• Does Memphis’ PA guy also work for Dallas?  Are they related? Or does every southern team want a guy who sounds like he’s working a monster truck rally?
  • Corey Brewer strips Anthony Carter and gets an open jam.  Nice to see the guy who got released embarrass the guy who should’ve gotten released.
  • The Knicks got killed on the glass tonight: they were out rebounded 47-37 and allowed 17 offensive rebounds.  This was one of those games where I start to wonder where Ronny Turiaf is.  It may be just me, but he never seems to play when we need him; Mike D’Antoni seems to just rotate him in and out irrespective of the matchups on the court.
  • Landry Fields finished with 19 points, six rebounds and four steals – if anybody could explain to me why he played seven minutes in the first half, I’m all ears.
  • I wish I could’ve found a picture of Phil Weber’s suit, because he was clearly ready to hit the Dallas club scene.  You just know he’s giving out room keys like takeout menus right now.
  • We’re often hearing the phrase “solid minutes” with Anthony Carter’s name.  Tonight, amid yet another one-turnover-per-five-minutes showing, Carter insanely fed Amar’e while he was running the wing, setting him up for a charge that was incorrectly called a blocking foul, and then threw one away while looking for Amar’e on the break to end the quarter.  In the fourth quarter, Amar’e got the ball on the right elbow, and J.J. Barea simply left Carter wide open at the top of the key to double Amar’e.  Again, there was no ball screen or anything…Barea simply left Carter standing there all alone.  What’s more, Amar’e didn’t feed Carter, and what’s even more, nobody watching wanted him to feed Carter.  In what way are these solid minutes?
  • And now your three worst defenders of the evening.  Number three: Ronny Turiaf, for doubling no one in particular to leave Jason Kidd wide open for three.  Number two: Toney Douglas, for getting beat backdoor by Beaubois and for giving up a transition layup after a Fields breakaway dunk, which I didn’t even think was possible.  And number one: Mr. Carmelo Anthony, for playing a Nowitzki screen under freeze tag rules and just standing there as Corey Brewer sailed in for a dunk; and for letting Marion beat him to a spot underneath the basket, assuming he’d make the layup, then somehow being out at the free throw line as Marion grabbed his own rebound for the tip-in.  It was a banner night for the D’Antoni haters; I sincerely hope the Knicks will stop giving these people ammunition sometime soon.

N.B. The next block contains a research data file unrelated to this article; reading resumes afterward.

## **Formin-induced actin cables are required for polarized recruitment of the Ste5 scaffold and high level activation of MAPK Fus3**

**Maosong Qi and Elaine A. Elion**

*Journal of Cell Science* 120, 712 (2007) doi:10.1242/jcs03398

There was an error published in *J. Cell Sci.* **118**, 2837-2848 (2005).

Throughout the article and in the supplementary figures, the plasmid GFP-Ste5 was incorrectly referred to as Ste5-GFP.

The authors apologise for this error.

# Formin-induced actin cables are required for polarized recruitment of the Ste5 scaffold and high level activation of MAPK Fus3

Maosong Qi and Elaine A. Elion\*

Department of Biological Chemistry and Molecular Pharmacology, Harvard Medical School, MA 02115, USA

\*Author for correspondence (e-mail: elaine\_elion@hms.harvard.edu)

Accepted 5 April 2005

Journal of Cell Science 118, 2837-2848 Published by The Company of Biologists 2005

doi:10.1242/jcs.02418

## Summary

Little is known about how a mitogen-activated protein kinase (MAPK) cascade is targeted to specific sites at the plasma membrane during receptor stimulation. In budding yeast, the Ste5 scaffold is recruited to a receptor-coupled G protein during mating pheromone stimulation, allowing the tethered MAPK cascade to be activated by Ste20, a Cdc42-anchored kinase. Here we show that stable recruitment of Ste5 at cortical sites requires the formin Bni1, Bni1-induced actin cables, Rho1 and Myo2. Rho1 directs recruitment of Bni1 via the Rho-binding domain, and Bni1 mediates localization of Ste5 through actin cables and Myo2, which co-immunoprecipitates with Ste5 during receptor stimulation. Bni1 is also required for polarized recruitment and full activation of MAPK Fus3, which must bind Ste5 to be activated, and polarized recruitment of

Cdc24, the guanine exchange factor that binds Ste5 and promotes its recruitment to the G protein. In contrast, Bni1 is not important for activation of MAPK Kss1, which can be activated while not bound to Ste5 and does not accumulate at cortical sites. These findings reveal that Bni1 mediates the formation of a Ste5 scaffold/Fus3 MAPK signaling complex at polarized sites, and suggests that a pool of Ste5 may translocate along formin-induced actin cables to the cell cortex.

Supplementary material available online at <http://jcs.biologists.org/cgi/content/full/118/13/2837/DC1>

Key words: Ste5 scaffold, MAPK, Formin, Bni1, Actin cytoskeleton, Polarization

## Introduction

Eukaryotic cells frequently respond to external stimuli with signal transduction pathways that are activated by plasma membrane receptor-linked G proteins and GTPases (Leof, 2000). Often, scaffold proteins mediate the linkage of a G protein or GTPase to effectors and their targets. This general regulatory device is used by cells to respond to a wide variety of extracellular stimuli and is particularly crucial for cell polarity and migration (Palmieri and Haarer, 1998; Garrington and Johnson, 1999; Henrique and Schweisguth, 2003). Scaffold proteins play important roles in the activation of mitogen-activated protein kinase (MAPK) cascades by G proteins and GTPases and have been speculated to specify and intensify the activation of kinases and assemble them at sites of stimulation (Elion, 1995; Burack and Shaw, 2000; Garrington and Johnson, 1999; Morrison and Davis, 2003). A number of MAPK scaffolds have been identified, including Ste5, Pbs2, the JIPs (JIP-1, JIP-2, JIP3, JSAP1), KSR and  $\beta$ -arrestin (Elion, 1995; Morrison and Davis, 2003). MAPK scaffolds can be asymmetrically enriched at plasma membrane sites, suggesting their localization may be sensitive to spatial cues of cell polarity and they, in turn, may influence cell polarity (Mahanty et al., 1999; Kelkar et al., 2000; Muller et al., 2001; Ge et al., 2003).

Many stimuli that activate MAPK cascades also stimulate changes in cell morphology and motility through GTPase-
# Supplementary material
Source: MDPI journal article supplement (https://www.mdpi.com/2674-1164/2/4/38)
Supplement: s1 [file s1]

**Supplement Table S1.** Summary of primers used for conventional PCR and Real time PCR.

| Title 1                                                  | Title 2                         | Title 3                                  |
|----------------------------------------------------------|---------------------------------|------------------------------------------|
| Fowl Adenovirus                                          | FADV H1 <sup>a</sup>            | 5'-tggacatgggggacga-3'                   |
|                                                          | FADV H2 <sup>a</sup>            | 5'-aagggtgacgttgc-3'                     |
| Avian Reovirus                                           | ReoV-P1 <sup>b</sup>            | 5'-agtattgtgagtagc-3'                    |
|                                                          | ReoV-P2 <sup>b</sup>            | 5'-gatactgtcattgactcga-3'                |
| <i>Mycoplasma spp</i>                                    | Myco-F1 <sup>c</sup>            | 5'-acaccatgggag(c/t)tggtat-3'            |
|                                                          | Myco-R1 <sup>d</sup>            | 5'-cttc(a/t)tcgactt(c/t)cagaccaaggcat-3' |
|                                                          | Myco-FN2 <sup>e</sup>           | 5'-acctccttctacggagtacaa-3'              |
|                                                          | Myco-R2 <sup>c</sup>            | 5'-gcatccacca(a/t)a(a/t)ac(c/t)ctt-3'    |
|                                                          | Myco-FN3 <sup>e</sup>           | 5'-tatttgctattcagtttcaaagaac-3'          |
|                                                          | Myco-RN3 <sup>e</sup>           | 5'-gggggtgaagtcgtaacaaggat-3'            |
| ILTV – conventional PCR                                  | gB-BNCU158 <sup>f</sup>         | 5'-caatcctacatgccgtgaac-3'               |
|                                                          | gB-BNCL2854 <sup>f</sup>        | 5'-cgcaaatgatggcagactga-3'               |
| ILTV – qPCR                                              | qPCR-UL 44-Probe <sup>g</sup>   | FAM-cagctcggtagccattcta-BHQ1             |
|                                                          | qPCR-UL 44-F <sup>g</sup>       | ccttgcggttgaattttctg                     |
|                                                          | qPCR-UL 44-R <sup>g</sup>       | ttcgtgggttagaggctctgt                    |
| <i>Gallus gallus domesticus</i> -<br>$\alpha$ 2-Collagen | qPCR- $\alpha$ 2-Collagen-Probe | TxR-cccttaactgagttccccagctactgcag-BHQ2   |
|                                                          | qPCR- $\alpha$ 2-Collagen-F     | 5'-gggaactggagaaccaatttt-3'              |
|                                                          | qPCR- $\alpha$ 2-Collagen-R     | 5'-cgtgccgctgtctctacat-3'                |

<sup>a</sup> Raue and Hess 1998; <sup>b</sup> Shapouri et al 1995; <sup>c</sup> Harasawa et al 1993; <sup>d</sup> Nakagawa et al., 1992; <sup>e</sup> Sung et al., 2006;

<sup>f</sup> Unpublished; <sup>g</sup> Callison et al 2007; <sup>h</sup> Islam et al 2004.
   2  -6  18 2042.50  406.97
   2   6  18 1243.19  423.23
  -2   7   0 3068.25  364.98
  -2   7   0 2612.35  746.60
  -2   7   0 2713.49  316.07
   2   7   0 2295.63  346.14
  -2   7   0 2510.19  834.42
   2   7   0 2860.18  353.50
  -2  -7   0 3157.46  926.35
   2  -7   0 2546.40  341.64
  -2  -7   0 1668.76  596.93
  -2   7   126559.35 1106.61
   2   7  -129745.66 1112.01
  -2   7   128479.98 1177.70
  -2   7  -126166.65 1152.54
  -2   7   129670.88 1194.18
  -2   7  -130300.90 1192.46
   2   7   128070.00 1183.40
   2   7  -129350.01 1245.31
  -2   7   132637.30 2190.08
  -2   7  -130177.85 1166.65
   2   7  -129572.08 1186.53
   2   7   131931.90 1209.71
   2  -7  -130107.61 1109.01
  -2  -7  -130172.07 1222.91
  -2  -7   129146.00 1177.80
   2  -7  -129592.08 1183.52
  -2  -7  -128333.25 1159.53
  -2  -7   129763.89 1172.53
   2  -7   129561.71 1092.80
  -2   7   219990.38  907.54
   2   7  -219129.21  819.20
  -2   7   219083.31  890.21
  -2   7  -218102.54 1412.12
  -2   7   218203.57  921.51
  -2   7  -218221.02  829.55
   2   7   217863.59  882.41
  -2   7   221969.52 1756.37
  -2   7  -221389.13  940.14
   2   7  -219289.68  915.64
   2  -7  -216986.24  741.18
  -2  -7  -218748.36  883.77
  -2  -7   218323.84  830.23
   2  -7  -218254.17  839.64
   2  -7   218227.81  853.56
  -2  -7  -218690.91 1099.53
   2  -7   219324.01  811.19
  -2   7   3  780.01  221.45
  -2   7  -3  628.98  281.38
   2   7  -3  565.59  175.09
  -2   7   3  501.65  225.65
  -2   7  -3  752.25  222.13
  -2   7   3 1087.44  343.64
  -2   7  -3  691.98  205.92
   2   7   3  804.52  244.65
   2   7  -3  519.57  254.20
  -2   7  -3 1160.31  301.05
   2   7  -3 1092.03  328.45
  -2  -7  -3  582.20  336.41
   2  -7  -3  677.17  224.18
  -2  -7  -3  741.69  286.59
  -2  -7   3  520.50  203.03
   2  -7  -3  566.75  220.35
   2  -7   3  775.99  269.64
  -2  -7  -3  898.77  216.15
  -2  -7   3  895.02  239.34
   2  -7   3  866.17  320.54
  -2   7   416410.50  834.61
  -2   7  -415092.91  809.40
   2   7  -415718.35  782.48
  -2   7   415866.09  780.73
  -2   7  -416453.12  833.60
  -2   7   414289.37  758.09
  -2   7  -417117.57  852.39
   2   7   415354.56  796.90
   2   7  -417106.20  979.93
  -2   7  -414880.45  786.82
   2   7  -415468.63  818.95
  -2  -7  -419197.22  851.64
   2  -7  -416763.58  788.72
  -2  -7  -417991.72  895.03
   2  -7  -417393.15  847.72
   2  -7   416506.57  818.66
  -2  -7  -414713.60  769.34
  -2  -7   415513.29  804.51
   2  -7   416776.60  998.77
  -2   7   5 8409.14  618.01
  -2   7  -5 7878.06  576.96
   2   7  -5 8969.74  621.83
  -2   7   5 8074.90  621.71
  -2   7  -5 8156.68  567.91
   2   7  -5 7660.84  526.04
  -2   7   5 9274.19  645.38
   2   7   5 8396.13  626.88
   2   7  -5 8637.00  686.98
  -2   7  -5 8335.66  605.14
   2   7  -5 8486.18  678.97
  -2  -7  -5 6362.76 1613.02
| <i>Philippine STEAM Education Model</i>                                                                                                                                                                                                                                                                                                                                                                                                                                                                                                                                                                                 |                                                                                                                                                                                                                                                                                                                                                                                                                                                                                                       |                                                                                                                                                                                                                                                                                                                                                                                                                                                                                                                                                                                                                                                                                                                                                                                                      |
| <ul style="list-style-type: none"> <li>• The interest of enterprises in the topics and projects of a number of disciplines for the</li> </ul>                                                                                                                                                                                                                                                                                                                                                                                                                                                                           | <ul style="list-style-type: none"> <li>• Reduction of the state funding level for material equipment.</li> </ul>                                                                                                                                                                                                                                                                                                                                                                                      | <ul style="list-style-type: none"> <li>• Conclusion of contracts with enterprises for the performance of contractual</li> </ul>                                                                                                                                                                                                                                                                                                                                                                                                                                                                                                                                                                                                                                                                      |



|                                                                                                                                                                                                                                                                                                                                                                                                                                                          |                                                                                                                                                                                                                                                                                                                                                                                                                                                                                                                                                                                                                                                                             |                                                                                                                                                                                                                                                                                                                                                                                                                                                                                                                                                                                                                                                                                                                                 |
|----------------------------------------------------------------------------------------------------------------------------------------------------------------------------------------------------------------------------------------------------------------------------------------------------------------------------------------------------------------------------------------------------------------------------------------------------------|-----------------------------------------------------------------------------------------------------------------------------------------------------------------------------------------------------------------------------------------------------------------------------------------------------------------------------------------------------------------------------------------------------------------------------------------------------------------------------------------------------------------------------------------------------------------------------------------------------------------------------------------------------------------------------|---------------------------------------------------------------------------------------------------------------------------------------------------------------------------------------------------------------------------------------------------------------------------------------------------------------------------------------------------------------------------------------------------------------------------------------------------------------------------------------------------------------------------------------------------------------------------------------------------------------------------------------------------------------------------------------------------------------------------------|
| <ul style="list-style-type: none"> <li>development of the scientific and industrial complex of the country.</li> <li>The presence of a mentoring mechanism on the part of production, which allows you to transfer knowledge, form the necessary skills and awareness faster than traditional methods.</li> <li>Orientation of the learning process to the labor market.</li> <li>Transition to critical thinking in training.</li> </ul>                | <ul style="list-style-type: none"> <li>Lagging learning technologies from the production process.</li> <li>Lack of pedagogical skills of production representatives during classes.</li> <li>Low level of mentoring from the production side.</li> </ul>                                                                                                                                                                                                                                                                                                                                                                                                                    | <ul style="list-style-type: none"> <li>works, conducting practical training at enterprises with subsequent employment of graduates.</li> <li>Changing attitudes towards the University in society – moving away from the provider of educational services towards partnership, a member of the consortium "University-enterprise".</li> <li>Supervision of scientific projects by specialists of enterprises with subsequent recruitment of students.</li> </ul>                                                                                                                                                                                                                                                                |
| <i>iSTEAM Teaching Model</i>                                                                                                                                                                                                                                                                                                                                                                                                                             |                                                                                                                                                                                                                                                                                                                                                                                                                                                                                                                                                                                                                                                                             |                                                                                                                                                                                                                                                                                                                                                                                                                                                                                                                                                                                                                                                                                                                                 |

• Let’s end on a positive, which is the rest of Toney Douglas’ game.  18 points on 6-12 FG, eight assists, and zero – count them, zero – turnovers.  Is anyone else as excited about this as I am?!  No?  We just got beat by 18?  Oh.  Well, I’m happy about it anyway.  Take solace in the continued development of our young point guard – I think we can call him a point guard now, right?  He ran the pick and roll well tonight and is growing up before our very eyes.  It will take time, but just like the rest of this team…process, process, process.